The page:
I would love to write full-time. The reality is that I substitute teach, spend summers working in the family business, and so much more. I am trying hard to find time to write everyday, but every once in a while, I don’t. I am learning to just pick up the next day. I don’t need to stress about it. It is a little thing, but it helps. Creating a simple writing routine helped simplify everything.
I love the fact that she embraces the fact that everyone writes garbage. We have to work through the garbage to get to the good stuff. Authentic details are everywhere. Even when not writing, we are still hard at work collecting details, situations, characters, stories, ideas, and so much more. In fact, that is one reason why I started blogging: I wanted to experiment with and collect different story ideas – to think out loud.
- Write Everywhere and Anywhere.
Write. Write. Write. Writers spend so much time avoiding writing. Plotting, planning, organizing, and even cleaning are all brilliant distractions from the actual writing itself. This is one reason why I head somewhere else when I actually want to get something done. I can always find something to distract me when I am at home. Natalie goes so far as to offer tips on how to effectively use cafes and coffee shops as places to write. My dream is to have a wonderful coffee shop near my house. It won’t happen any time soon, but a girl can dream.
Writing Down the Bones may mean different things to different writers, but I would recommend it to anyone who loves to write. I think there is something in there for everyone. It is a book I will come back to time and time again. Writing Down the Bones already fundamentally changed the way I write.
Why do I write? There are many reasons, but the best one I can think of is for my own peace of mind. Over the last month or so, I have finally started writing daily – just for myself. It grounds me in a way I can’t fully explain.
In addition to journaling daily, I also started using 750 words again. There are rumors that Margaret Atwood mentioned 750 words in her masterclass on creative writing. Personally, I love it. I joined 750 words approximately two years ago, and I am finally starting to use it daily. I use it to spill everything out onto the page, nothing more. I let my mind wander and go from topic to topic.
Getting the garbage out of the way helps. It doesn’t matter if I write in my traditional journal before or after I write my 750 words entry for the day. I am much more focused. When I sit down to write a blog post, I am not nearly as distracted by random thoughts.
Journaling, I only write approximately a page a day. It isn’t 750 words, but I usually have something to say that is focused on my inner life or events going on that grab my attention. I finally found a type and size of journal that works for me.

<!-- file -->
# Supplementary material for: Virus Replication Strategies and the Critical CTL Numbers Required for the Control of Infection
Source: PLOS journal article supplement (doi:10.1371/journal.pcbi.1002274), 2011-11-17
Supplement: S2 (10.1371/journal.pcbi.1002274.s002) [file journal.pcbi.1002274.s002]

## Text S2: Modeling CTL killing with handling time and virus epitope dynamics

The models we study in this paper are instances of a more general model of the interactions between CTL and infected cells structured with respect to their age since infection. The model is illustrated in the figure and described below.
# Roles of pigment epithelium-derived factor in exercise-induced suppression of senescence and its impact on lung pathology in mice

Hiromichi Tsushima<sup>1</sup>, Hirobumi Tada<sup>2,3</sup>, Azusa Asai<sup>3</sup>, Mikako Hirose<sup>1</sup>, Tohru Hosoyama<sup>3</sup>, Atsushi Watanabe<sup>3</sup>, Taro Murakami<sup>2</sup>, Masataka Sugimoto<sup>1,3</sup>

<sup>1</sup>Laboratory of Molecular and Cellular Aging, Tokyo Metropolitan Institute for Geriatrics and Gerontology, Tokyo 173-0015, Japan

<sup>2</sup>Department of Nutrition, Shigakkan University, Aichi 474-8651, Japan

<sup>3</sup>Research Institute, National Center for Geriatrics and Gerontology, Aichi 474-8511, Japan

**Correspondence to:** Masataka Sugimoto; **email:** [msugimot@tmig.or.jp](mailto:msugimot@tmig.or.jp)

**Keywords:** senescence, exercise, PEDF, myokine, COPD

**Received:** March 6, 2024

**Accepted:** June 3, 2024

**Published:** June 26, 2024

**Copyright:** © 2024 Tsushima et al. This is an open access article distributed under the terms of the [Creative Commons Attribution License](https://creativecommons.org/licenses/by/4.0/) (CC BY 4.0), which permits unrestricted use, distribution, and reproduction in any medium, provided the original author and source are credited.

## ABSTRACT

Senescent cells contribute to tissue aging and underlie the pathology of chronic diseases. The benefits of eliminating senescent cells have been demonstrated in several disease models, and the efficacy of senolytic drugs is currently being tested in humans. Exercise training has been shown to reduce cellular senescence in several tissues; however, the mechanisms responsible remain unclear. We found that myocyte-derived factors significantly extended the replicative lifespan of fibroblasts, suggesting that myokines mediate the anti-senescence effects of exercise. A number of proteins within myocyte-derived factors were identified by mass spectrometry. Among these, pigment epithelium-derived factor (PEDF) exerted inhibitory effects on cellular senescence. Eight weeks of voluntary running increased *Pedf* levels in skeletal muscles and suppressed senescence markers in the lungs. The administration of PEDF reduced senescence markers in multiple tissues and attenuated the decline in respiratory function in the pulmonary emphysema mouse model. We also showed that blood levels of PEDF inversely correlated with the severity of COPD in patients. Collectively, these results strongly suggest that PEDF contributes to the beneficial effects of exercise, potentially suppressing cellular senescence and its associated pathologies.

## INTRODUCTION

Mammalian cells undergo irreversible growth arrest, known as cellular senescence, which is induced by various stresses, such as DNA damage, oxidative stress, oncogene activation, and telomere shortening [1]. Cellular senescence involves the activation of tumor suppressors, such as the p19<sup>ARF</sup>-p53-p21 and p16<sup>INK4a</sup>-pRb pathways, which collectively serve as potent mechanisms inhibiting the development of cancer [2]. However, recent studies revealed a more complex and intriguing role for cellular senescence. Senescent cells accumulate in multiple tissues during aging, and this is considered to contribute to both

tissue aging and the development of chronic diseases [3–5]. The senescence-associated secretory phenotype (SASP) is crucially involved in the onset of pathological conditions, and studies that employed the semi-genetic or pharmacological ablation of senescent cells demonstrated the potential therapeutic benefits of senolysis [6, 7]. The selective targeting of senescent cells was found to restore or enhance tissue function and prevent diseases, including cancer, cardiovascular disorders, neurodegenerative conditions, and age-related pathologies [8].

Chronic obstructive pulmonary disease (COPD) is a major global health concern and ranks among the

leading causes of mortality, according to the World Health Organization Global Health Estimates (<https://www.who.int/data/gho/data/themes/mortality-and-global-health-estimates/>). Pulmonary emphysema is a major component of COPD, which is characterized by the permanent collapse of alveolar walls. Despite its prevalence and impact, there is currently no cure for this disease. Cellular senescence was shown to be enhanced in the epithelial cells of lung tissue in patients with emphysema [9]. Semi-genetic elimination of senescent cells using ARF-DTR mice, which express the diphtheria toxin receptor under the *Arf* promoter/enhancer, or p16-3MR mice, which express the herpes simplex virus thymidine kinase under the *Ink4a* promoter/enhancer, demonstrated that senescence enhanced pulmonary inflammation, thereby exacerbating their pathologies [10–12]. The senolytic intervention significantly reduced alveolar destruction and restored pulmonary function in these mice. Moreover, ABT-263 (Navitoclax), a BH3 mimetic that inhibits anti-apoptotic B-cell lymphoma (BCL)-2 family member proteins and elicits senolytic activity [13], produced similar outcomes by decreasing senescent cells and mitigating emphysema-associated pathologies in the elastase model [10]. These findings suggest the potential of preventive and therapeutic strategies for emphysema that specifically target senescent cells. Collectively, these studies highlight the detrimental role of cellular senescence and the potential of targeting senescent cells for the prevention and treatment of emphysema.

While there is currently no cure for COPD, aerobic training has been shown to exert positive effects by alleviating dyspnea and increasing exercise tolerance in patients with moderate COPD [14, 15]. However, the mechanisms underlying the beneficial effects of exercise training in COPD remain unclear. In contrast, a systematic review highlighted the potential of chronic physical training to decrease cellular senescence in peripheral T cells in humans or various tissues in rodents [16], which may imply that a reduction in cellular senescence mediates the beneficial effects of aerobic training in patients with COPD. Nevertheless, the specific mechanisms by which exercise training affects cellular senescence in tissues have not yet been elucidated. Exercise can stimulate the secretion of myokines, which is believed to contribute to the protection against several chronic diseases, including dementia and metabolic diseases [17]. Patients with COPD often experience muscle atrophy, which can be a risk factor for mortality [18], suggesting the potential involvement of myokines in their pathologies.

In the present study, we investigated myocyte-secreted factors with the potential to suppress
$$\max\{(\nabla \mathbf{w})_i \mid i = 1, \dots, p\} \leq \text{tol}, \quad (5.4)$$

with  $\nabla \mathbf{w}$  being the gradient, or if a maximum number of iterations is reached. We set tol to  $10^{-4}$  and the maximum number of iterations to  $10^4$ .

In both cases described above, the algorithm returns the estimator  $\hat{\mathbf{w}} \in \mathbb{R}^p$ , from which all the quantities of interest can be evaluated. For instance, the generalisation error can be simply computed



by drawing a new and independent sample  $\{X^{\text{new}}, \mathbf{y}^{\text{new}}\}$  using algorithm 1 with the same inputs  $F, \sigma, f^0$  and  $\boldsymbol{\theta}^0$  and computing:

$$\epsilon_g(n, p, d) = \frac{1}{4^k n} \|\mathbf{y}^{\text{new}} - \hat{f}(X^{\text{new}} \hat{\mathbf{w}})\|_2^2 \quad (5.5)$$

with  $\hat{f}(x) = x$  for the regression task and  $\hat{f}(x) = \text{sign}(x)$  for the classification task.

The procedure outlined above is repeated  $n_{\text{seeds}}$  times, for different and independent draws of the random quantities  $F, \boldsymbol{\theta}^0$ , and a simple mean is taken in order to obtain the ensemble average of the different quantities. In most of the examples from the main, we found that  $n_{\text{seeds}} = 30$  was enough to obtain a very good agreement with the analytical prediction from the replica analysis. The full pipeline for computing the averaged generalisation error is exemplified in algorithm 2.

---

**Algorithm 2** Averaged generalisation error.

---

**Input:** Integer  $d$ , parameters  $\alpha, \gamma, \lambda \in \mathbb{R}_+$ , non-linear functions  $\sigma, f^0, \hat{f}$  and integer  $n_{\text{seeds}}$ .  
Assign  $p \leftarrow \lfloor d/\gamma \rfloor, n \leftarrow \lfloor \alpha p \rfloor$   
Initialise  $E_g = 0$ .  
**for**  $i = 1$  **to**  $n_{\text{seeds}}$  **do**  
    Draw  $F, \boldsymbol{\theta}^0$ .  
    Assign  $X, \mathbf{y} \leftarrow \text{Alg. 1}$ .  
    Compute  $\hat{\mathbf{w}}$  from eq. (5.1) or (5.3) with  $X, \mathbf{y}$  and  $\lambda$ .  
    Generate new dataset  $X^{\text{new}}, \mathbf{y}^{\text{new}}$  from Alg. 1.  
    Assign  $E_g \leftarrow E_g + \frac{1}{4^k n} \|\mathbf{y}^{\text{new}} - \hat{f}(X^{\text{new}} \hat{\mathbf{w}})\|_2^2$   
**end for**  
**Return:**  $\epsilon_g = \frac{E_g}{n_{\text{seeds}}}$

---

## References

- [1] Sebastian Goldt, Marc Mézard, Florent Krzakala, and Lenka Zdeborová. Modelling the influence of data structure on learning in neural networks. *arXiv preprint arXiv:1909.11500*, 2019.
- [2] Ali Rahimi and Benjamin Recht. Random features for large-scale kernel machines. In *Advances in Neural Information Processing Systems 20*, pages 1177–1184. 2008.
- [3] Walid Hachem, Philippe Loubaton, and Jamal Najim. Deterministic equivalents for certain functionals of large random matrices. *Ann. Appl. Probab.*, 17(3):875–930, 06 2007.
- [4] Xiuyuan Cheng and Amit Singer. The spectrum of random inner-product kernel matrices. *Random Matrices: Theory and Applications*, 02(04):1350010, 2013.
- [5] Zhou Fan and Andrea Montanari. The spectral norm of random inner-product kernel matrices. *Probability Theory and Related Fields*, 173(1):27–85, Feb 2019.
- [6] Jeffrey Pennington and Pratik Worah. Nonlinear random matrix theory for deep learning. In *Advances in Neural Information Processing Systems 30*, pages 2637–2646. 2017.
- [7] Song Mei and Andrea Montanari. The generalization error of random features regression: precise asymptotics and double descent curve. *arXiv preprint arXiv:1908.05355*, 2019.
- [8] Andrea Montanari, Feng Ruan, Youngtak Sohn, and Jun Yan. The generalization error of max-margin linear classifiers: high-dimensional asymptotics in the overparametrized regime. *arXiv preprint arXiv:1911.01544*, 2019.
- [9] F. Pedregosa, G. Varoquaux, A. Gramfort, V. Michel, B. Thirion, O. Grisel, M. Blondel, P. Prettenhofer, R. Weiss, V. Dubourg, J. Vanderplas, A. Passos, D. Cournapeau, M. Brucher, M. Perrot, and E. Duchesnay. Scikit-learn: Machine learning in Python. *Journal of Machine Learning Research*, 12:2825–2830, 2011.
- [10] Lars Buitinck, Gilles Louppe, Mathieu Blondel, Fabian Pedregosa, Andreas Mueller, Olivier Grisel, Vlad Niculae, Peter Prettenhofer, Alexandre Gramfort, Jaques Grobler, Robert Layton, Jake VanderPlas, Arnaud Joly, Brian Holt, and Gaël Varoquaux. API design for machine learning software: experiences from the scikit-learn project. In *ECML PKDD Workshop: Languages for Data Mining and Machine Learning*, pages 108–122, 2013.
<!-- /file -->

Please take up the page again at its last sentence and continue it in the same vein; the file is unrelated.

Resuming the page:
There is a difference writing on a laptop versus writing pen on paper. I do both daily, no matter what type of writing. For example, I may write a blog post during lunch or conference hour. I then type, edit, and then post it when I get home. Allowing myself some flexibility really helped. I don’t beat myself up if I don’t write in 750 words or my journal every day. I am beginning to feel “off” if don’t write at least something each day.
It comes down to finding what worked for me. I am in the middle of reading Writing Down the Bones by Natalie Goldberg. I love it – and I don’t want to rush it. So far, I tend to agree with her. There is a need to process whatever is on one’s mind before writing something for public consumption. It doesn’t have to be done that way, but it tends to make the entire process easier. Writing Down the Bones is a collection of essays on writing, and my favorite so far discusses the tools of the trade. She talks about how we get all too caught up in fancy journals (so guilty, just ask my ex!) and being afraid of writing garbage in something so beautiful. She makes the case for using cheap one-subject notebooks and just filling them.
This gave me the idea of decorating a binder and filling it with loose-leaf notebook paper. It works like a charm! If I completely screw up, I just start over. I have something with a good aesthetic, but I am not worried about permanently wrecking a notebook. For me, it is the best of all worlds, and this simple change made me much more productive. Natalie stresses this principal throughout Writing Down the Bones: Find what works for you. I couldn’t agree more. With my notebook, journal, laptop, Chromebook, and Android phone, I am set. That isn’t to mention Google Docs, Google Drive, and 750 words. I never have an excuse not to write or read. More on Writing Down the Bones to come.
Here it is: A few of my favorite writing tools, along with a brief explanation as to how and why I use them.
Mid-Michigan Writers – I am proud to belong to one of the oldest writing groups in Michigan. If you are a writer without a writing group to help you polish your work, I am truly sorry. I’ve learned so much in the last few years I’ve been a member. One of the highlights for me is the annual Gateway to Writing Workshop held in my hometown every September. The friendships and critique process I’ve taken away from this group are invaluable. Once you become a member, dues are $15 annually.
Scrivener – Where do I even begin? This is the writing program I’ve been looking for from the very beginning. It is truly a digital studio for writers. There are so many features in this program, which is designed to be used by any and all writers, that the entire tutorial takes hours to go through. The nice part about the design is that the features you don’t use are not obtrusive, and yet, they are there when you need them. I heard the hype for years before I decided to see what all the fuss is about. I am sorry that I waited so long. It truly is designed by writers for writers. I will never be without it again. You can purchase Scrivener here. There is a one-time cost of $40.